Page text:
EMAIL THIS PAGE TO A FRIEND

Breast cancer research : BCR

Opposing roles of CXCR4 and CXCR7 in breast cancer metastasis.


PMID 22152016

Abstract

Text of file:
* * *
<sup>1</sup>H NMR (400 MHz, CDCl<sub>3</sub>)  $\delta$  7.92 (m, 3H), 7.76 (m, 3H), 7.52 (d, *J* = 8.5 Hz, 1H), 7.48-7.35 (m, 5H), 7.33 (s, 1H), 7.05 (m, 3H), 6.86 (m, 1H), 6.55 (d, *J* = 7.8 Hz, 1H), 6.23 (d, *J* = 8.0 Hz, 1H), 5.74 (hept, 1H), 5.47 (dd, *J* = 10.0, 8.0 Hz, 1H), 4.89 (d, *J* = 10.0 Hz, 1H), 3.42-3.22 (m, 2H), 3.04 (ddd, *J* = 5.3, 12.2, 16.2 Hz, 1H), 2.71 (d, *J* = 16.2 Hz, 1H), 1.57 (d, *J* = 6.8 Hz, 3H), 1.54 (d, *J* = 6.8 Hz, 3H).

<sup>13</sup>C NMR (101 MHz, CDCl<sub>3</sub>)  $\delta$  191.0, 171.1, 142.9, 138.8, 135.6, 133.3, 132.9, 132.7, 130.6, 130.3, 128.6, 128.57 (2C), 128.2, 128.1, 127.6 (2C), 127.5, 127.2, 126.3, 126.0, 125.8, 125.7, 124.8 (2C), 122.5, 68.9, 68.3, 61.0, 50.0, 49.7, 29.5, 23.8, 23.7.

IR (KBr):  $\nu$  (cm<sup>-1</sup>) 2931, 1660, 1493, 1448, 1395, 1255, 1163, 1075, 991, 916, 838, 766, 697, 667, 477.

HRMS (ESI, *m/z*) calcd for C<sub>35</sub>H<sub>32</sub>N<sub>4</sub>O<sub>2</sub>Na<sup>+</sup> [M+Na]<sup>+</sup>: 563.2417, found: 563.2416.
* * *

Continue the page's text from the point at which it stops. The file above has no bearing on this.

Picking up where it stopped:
CXCL12-CXCR4 signaling has been shown to play a role in breast cancer progression by enhancing tumor growth, angiogenesis, triggering cancer cell invasion in vitro, and guiding cancer cells to their sites of metastasis. However, CXCR7 also binds to CXCL12 and has been recently found to enhance lung and breast primary tumor growth, as well as metastasis formation. Our goal was to dissect the contributions of CXCR4 and CXCR7 to the different steps of metastasis - in vivo invasion, intravasation and metastasis formation. We overexpressed CXCR4, CXCR7 or both in the rat mammary adenocarcinoma cell line MTLn3. Stable expressors were used to form tumors in severe combined immunodeficiency (SCID) mice, and in vivo invasiveness, intravital motility, intravasation, and metastasis were measured. We found that CXCR4 overexpression increased the chemotactic and invasive behavior of MTLn3 cells to CXCL12, both in vitro and in vivo, as well as in vivo motility and intravasation. CXCR7 overexpression enhanced primary tumor growth and angiogenesis (as indicated by microvessel density and VEGFA expression), but decreased in vivo invasion, intravasation, and metastasis formation. In vitro, expression of CXCR7 alone had no effect in chemotaxis or invasion to CXCL12. However, in the context of increased CXCR4 expression, CXCR7 enhanced chemotaxis to CXCL12 but decreased invasion in response to CXCL12 in vitro and in vivo and impaired CXCL12 stimulated matrix degradation. The changes in matrix degradation correlated with expression of matrix metalloproteinase 12 (MMP12). We find that CXCR4 and CXCR7 play different roles in metastasis, with CXCR4 mediating breast cancer invasion and CXCR7 impairing invasion but enhancing primary tumor growth through angiogenesis.